5) Sam Copeland, Literary Agent, RCW Literary Agency. I don’t really notice ‘diverse’ books. I have no real interest in what race people are in literature.


6) Stevie Turner, AuthorI liked the way Amy Elliot Dunne’s less than perfect character was slowly introduced over the course of the book Gone Girl by Gillian Flynn … I’m also enjoying an Indie read Finding Katie by Harmony Kent. Teenager Katie suffers from depression due to past trauma in her young life. Harmony Kent has done her research well and I can only imagine just how many sad and traumatised Katies there are in this world.

7) Julie Mayhew, Author. I like a book with a strong female protagonist (and by that I mean active, distinctive, complex and flawed) but I also like to read about girls and women who have come from a background that has some parallels with mine … Of course, we also need to read about people and experiences completely unlike our own – we need to escape, we need to understand others – but there’s nothing like reading a paragraph of a character’s thoughts and responding with, god, yes, me too! I have had that experience, in greater and lesser degrees, with Just Like Tomorrow by Faiza Guene; Why Be Happy When You Can Be Normal? by Jeanette Winterson; The Country Girls by Edna O’Brien and Bonjour Tristesse by Francoise Sagan.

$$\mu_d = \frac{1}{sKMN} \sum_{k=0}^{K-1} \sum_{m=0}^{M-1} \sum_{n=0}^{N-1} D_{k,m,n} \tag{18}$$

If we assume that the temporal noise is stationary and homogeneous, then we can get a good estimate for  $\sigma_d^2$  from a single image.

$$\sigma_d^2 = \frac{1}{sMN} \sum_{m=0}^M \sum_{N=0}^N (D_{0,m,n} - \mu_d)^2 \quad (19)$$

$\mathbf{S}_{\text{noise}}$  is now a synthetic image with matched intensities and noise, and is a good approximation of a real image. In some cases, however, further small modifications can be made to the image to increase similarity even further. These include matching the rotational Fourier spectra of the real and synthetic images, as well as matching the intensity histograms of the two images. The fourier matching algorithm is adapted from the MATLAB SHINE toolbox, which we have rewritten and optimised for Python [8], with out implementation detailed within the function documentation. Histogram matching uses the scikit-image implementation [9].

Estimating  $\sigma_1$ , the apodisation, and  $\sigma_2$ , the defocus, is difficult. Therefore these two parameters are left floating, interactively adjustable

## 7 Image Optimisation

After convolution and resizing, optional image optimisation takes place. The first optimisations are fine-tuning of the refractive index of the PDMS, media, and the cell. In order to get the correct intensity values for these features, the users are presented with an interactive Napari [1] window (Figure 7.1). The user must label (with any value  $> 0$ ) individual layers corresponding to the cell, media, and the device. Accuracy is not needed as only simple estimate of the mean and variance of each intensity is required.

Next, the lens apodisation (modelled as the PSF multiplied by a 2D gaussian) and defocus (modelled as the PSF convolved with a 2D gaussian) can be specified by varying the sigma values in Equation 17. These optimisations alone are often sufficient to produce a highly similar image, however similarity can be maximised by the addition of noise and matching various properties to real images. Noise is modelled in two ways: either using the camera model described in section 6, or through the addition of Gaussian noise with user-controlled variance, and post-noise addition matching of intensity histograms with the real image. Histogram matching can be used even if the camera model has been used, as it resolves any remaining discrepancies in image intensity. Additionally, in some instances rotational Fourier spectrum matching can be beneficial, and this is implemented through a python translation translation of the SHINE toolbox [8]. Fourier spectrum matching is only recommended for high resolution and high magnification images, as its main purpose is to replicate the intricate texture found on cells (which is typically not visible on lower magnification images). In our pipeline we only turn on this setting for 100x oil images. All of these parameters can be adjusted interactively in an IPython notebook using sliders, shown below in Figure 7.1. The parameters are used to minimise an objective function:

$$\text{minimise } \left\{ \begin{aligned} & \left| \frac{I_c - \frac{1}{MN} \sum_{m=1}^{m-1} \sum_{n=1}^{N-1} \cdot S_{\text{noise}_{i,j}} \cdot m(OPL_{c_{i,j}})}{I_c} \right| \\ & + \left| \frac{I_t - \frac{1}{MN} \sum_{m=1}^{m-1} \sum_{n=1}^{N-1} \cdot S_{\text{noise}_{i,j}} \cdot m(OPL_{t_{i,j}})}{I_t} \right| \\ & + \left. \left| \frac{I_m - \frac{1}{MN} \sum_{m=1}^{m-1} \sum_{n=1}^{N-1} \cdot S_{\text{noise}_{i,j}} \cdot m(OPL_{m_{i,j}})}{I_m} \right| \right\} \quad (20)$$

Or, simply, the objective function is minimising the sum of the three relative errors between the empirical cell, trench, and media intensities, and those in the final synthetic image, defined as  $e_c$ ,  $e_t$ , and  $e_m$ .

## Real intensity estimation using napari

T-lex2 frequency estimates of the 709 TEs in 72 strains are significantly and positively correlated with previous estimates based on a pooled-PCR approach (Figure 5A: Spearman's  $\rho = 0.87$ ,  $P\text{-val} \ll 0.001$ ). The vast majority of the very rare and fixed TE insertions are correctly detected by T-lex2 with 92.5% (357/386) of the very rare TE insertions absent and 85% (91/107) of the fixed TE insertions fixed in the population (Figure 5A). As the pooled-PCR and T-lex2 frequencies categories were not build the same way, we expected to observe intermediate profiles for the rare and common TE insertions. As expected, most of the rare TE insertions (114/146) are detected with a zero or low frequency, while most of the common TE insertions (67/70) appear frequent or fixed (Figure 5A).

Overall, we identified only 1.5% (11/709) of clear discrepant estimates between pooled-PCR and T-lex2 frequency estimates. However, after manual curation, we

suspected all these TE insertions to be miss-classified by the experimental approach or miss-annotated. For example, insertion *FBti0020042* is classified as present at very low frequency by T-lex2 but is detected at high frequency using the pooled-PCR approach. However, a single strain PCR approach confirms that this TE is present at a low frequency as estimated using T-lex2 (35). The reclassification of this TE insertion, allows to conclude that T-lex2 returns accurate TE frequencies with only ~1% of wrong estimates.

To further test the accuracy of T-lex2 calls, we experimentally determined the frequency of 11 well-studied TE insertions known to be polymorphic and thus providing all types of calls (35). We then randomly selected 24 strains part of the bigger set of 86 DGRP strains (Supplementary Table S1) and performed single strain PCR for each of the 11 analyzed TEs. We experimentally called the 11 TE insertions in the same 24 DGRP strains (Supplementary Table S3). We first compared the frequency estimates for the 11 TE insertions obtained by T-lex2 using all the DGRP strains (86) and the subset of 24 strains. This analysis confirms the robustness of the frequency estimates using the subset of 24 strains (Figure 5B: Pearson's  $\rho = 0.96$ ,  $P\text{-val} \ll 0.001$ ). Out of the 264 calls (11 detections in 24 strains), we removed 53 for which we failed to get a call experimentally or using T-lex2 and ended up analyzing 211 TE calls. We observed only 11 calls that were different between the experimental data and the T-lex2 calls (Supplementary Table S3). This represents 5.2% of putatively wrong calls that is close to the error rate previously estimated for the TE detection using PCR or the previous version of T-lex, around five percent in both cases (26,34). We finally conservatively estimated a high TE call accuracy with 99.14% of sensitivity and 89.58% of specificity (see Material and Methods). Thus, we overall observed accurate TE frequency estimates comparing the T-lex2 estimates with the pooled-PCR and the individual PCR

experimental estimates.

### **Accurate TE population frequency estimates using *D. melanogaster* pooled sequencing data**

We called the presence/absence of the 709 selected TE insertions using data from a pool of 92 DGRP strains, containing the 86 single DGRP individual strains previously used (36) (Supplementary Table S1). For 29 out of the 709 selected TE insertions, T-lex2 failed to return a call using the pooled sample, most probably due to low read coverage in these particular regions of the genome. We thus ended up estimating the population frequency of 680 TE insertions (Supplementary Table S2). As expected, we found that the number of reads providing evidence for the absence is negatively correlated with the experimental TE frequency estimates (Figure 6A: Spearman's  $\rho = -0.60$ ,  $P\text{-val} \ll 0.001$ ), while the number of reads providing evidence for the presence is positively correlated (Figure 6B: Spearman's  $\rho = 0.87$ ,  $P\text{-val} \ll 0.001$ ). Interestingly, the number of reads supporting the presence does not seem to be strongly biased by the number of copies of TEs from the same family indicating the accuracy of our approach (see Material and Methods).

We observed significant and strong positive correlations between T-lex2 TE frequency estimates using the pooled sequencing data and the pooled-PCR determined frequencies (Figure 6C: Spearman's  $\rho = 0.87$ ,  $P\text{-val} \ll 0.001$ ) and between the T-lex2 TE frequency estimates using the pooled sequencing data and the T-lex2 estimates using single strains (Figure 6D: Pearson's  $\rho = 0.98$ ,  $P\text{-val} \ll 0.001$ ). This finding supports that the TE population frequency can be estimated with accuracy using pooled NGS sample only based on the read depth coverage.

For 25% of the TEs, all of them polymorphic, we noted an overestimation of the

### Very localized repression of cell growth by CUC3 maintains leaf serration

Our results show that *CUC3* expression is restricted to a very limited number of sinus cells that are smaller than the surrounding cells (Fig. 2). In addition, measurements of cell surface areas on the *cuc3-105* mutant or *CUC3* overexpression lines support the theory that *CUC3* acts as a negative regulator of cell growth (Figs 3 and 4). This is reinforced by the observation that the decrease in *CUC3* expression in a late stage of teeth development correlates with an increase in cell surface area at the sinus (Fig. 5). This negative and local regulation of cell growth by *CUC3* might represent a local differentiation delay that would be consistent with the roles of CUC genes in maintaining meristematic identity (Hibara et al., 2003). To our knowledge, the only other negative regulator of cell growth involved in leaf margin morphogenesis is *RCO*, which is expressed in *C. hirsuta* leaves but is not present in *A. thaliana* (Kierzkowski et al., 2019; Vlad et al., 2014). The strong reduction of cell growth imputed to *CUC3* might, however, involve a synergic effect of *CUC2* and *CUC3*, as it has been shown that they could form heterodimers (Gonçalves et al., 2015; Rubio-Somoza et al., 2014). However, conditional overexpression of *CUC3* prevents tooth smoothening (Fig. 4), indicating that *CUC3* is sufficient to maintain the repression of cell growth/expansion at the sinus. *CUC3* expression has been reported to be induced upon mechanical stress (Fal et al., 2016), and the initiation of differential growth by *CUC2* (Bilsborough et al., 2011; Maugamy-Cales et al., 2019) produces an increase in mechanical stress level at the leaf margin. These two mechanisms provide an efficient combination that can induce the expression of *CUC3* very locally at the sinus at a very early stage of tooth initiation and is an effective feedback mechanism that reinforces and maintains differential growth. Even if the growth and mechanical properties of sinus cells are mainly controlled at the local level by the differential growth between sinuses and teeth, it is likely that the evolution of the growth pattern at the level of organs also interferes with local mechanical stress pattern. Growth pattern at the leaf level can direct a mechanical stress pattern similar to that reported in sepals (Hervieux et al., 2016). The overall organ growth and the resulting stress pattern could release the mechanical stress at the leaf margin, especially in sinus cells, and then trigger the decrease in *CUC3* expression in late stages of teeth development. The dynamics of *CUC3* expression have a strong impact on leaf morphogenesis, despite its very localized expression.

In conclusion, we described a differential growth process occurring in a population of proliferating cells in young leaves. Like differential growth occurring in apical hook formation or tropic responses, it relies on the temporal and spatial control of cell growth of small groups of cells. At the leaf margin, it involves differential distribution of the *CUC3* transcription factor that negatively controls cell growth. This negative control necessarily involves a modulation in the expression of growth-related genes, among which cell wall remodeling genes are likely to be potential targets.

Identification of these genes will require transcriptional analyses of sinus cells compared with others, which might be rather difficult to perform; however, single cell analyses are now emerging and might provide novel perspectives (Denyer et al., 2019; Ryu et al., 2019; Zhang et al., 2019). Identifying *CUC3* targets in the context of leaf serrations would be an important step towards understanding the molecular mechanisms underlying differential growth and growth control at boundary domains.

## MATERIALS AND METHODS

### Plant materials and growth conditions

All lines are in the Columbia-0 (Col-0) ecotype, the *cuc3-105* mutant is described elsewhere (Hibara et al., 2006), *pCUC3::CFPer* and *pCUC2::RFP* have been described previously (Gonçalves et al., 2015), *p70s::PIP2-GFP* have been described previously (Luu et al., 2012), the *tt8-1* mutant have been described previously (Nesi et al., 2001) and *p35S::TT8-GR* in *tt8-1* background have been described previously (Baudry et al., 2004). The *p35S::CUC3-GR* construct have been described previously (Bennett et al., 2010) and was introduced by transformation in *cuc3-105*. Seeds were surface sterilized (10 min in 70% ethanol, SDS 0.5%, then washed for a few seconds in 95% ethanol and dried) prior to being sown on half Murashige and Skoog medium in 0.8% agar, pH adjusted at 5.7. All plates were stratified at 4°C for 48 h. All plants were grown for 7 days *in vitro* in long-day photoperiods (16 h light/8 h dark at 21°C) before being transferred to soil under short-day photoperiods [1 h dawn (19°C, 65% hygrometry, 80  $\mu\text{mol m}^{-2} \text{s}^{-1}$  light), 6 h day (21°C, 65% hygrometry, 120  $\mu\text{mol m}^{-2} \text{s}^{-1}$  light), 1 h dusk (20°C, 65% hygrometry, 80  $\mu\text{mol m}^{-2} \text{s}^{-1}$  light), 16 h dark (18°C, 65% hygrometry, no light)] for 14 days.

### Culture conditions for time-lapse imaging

8) Jessica Reid, Legend Press. I’ve enjoyed The Art Of Being Normal by Lisa Williamson.

9) Madhuri Blaylock, author. In recent years my favorite diverse books have been Niko by Kayti Nika Raet; The Boy in the Black Suit by Jason Reynolds; In Her Closet by Tasha L Harrison; Girls Like Us by Gail Giles; Bombay Blues by Tanuja Desai Hidier and The Many Lives of Ruby Iyer by Laxmi Hariharan to name a few.


10) Alison Bonami, Literary Agent, LBA Literary Agency. One of my favourite crime series at the moment is Ben Aaronovitch’s Rivers of London, which features Peter Grant as an incredibly engaging mixed-race hero and a hugely varied cast of characters (we don’t represent him, by the way – I’m just a big fan). His novels show a diverse London that I recognise but which I don’t really see reflected in much other commercial fiction. I’d love to see the books adapted for TV in the big-budget Dr Who slot. With Joel Fry as Peter. You can see I’ve thought about this quite a bit.

11) Hannah Shepphard, Literary Agent, DHH Literary Agency. What I’d like to see is a normalisation of diversity in books. Not necessarily books about the issues of race or sexual orientation or disability etc (although there is absolutely room for more of those) but books where the wider cast is more real in its diversity. I’ve been thinking back on some of the books I’ve been involved in publishing and while a lot of them do focus on white, straight, able-bodied characters I do think there is movement in the right direction … Julianna Baggot’s central character Pressia in the Pure trilogy is half Japanese; that’s not what the book is about, but she’s a more diverse YA character, similarly Juliet in Tanya Byrne’s Heart-Shaped Bruise is mixed race. Keris Stainton’s recent books Starring Kitty and Spotlight On Sunny feature a young teen exploring a crush on another girl, a muslim girl who wants to wear her headscarf and a boy in a wheelchair. But primarily the stories are about friendship and growing up, they just happen to feature more diverse characters.